When it comes to the artistic "brain drain" from the Soviet Union, a congressional commission was informed yesterday, it's quality -- not quantity -- that really matters.
The exodus of artistic talent to the West from the Soviet Union in recent years has reached many hundreds and probably is well into the thousands, said Soviet expert Michael Scammell at a hearing of the Commission on Security and Cooperation in Europe. The commission is an umbrella group of both houses meant to monitor compliance -- or lack thereof -- with the Helsinki Accords, especially its human rights provisions.
But the most "grievous" impact on so artistically advanced a culture, said Scammell, the founding editor of Index on Censorship and the author of "Solzhenitsyn: A Biography," comes from "the extremely high quality" of many artists who defect, are expelled or emigrate. He cited names like Nureyev, Makarova, Baryshnikov, Rostropovich, Ashkenazy, Solzhenitsyn and Brodsky, among many others, to help make his point.
Numbers are hard to come by, but Scammell mentioned a conference on "third wave" literature in Los Angeles in 1983 at which organizers listed 101 ex-Soviet writers alone who now live and work in the West.
To dramatize the point, three former Soviet artists were among the witnesses: actor Oleg Vidov, who came west in May; novelist Vasily Aksyonov; and celebrated conductor Maxim Shostakovich, son of the great composer.
Vidov, who is also a film director, told of a career that started with promise ("I had already played a leading role by the time I was 21") but had begun to shrink in recent years in the face of increasing hostility by the authorities toward his projects -- especially his directing.
"The straw that broke the camel's back," he said, "was the film ministry's decision to cancel my first full-length feature film after I had worked for a year on the script and was already searching for locations in the Caucasus Mountains. There was nothing wrong with the script -- four years later it was filmed by another director for another studio.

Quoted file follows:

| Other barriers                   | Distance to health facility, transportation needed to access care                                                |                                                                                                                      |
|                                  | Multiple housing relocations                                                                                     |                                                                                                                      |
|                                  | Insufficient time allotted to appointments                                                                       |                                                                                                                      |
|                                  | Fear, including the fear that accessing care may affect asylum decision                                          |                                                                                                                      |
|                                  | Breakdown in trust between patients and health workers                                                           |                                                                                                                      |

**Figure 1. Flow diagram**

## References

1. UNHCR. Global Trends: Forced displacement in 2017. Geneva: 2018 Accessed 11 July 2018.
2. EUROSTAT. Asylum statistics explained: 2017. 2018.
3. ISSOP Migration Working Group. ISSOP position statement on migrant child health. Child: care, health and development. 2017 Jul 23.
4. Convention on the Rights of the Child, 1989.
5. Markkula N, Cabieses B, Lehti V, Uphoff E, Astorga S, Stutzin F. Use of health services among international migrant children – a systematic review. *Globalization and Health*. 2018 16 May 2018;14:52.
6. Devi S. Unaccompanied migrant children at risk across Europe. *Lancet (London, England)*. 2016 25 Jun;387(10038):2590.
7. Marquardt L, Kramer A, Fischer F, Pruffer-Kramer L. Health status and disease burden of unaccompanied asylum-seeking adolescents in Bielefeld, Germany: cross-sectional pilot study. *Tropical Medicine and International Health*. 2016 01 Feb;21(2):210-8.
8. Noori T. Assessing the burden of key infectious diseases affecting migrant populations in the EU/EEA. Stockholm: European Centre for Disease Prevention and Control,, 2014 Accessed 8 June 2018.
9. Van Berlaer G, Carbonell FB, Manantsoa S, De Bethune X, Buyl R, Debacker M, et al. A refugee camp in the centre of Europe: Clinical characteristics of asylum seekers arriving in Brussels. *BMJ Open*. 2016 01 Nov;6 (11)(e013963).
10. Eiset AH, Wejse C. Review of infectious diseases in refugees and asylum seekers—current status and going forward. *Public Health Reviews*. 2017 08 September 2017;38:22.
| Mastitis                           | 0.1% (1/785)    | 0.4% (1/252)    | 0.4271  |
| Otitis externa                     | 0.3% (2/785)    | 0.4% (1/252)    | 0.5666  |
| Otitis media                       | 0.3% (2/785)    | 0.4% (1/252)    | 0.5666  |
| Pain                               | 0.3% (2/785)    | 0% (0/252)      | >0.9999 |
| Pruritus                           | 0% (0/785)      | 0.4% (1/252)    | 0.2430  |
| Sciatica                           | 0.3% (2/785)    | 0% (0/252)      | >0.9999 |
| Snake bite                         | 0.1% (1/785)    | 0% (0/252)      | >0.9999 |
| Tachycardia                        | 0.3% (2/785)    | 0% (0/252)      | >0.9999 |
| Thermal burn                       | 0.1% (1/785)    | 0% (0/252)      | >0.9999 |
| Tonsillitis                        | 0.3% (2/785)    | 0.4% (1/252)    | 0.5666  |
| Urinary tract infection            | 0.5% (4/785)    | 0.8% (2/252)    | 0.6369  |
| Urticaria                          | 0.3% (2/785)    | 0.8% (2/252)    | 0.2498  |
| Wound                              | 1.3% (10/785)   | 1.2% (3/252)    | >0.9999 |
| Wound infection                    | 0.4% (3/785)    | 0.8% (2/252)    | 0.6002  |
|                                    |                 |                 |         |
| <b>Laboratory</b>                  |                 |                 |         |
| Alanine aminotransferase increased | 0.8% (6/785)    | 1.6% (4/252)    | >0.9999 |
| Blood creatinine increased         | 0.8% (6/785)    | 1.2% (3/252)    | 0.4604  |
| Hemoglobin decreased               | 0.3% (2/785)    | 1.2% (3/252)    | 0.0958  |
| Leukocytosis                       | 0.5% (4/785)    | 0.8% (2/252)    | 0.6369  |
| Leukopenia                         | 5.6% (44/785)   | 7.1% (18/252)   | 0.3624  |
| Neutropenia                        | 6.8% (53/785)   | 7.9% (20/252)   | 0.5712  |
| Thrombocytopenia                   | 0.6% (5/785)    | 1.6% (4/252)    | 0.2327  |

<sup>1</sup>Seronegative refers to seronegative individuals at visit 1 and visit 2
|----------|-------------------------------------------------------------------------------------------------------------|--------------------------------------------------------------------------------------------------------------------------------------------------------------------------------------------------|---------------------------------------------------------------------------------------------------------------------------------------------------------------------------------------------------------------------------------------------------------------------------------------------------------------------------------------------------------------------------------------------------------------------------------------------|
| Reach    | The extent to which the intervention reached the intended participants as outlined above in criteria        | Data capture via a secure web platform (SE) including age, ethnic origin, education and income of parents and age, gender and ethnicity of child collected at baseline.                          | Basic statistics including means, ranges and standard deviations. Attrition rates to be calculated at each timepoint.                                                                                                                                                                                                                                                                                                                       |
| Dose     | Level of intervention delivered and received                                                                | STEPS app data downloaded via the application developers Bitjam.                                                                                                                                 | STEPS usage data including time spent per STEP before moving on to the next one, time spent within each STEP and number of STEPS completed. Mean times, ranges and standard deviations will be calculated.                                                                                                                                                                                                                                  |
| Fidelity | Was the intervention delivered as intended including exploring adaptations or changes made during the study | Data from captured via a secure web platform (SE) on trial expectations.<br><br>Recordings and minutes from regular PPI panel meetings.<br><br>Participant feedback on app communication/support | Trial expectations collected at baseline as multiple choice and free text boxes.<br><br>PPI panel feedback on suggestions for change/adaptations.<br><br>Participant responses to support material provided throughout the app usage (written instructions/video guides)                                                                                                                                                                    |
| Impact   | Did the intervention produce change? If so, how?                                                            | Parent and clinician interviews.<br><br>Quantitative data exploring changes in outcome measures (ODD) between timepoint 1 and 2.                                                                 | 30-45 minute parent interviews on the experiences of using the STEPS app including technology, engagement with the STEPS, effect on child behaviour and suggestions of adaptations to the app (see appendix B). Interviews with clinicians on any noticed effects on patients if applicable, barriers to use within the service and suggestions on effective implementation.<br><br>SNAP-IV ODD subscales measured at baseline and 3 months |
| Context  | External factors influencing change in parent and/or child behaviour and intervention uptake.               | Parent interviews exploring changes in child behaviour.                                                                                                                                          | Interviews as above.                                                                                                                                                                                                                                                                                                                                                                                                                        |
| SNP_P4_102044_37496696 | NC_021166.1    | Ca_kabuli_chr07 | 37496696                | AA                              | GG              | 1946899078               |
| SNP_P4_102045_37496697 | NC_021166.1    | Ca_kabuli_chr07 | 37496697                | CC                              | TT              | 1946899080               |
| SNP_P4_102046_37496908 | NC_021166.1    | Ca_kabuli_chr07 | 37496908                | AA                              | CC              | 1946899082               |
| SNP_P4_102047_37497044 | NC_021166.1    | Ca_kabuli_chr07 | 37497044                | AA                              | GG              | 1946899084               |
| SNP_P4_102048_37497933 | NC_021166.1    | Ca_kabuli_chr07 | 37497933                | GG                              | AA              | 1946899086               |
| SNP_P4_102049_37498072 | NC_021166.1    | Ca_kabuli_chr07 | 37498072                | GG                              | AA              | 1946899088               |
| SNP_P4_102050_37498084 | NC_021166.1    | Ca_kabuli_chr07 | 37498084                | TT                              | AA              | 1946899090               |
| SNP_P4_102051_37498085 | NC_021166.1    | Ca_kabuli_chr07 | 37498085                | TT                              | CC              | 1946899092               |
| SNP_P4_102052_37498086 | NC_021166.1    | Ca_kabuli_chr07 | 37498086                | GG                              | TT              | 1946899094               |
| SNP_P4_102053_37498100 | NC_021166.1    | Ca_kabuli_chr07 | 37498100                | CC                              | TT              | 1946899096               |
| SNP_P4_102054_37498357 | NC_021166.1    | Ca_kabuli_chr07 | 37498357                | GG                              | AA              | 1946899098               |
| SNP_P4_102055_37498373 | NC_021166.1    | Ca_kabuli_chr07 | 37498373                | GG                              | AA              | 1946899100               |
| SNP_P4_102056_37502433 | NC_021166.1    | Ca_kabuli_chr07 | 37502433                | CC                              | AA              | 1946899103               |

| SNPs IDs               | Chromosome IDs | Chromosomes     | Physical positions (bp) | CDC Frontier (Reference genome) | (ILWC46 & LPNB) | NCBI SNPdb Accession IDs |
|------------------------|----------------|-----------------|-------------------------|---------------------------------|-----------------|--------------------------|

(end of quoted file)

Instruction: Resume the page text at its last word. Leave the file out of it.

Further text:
"The highest levels of government had pressured the ministry to end my career as a director. They had also ordered other directors not to cast me in lead roles. The Filmmakers Union, as usual, had no power to help me."
His crime, Vidov said, "was inability to conform, my attempt to win more artistic freedom, and, incredibly enough, the political machinations of an ex-wife. Probably without pressure from my ex-wife, the government would have ignored me -- there are many more difficult filmmakers in the Soviet Union. But my ex-wife's closest friend is Galina Brezhnev, daughter of the then secretary general of the Communist Party . . .
"As a proud Russian, with a deep love for his country and people, I am ashamed that I had to stand before you today and recite this little story, which not only documents that there is little or no artistic freedom in the Soviet Union, but shows how easily political power is abused by our leaders."
Shostakovich, who is here directing the Washington Opera version of Tchaikovsky's "Eugene Onegin," was outspoken about the character of Soviet leadership. "It is a power structure that fears the arts because it is so unsure of itself," he testified. "The reason is that culture forms public opinion."
Compared with literature, the conductor said, music has a bit of an advantage because it is less understandable in a literal sense. But when there are words, that is another thing. "Any music that is religious or spiritual is in trouble. You may hear some Bach. But the spiritual works of Rachmaninoff are not performed."
Later, Shostakovich pointed to the "irony that even the works of Tolstoy or Turgenev are rewritten because it is not allowed that the word 'God' have a capital 'G.' " Asked about the availability of the Bible in the Soviet Union, he replied, "it may be smuggled in from Poland."